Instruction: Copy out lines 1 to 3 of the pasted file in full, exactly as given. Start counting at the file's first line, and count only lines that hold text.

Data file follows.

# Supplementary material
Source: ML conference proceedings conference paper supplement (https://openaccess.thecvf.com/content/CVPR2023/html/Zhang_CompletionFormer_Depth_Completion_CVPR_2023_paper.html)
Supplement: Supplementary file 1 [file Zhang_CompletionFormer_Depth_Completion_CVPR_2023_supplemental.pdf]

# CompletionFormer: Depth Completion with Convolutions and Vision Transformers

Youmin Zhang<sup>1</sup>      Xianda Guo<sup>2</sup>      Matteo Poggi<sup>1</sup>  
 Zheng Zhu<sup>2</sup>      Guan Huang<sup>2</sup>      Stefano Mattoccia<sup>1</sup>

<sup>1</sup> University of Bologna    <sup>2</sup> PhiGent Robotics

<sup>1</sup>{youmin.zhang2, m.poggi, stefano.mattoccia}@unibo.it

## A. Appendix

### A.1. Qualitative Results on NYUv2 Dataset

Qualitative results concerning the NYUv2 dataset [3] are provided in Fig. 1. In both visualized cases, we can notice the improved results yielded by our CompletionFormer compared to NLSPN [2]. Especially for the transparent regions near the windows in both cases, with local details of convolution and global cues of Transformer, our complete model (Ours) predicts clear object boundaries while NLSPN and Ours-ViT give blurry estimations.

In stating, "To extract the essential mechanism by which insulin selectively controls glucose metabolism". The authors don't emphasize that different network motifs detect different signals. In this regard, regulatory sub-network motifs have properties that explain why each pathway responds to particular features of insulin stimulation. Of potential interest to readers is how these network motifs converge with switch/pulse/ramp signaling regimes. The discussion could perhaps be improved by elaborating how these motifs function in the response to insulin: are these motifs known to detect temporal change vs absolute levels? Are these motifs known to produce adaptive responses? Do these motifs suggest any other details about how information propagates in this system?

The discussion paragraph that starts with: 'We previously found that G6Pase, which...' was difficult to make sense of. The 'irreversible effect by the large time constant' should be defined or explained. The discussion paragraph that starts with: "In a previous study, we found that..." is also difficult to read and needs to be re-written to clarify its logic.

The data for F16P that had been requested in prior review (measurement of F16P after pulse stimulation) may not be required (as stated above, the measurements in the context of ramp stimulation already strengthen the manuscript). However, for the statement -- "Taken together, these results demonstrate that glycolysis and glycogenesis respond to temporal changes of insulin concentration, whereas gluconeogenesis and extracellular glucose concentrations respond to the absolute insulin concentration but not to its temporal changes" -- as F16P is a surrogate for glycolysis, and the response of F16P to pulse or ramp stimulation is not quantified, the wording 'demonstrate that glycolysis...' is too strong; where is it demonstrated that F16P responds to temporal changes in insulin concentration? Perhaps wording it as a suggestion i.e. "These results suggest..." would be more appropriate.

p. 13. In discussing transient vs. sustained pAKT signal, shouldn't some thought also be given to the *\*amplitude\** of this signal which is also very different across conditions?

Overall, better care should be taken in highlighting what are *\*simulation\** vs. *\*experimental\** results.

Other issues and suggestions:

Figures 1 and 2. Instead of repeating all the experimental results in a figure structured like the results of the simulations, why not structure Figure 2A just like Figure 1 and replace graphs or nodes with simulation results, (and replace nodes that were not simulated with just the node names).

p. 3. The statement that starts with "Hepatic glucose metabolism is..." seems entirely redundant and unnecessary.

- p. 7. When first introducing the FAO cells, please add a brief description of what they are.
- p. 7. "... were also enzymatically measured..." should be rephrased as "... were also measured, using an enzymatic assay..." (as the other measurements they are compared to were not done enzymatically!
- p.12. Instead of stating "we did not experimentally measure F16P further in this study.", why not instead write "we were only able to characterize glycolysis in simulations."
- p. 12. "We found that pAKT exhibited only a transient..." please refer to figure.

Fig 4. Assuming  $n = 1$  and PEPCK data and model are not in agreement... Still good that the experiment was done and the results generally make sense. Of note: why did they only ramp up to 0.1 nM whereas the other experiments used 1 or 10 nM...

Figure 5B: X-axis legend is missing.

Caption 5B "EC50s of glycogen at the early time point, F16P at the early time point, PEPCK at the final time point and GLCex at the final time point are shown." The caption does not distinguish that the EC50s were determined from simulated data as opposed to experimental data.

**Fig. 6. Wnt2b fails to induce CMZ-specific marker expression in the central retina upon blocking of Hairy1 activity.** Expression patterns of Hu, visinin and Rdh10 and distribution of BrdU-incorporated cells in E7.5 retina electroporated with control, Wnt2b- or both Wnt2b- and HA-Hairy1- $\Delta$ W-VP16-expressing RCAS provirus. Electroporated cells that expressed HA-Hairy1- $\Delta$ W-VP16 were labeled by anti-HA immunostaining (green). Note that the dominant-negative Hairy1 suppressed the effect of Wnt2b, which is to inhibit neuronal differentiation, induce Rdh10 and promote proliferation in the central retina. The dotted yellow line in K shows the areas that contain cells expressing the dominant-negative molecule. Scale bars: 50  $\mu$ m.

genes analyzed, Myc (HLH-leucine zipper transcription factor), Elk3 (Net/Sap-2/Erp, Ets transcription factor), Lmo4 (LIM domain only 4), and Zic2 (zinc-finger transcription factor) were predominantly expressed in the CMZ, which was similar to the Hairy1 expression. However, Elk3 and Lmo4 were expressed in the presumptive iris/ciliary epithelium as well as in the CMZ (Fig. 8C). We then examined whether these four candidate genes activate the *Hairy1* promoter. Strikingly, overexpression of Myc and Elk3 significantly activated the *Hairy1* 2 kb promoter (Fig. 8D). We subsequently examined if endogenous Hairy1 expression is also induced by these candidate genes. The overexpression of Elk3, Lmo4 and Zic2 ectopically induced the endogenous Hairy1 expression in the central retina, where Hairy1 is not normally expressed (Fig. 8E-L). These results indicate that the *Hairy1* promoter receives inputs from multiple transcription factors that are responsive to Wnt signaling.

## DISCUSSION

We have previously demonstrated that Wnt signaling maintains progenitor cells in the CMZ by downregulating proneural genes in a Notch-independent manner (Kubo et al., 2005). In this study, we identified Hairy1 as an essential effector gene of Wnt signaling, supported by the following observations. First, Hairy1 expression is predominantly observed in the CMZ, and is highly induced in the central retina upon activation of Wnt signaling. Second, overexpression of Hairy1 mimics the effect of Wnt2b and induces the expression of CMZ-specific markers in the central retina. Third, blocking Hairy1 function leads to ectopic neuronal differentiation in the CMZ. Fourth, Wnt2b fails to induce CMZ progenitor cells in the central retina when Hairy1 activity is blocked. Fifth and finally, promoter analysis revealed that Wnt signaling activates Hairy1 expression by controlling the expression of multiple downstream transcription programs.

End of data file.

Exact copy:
# Supplementary material
Source: ML conference proceedings conference paper supplement (https://openaccess.thecvf.com/content/CVPR2023/html/Zhang_CompletionFormer_Depth_Completion_CVPR_2023_paper.html)
Supplement: Supplementary file 1 [file Zhang_CompletionFormer_Depth_Completion_CVPR_2023_supplemental.pdf]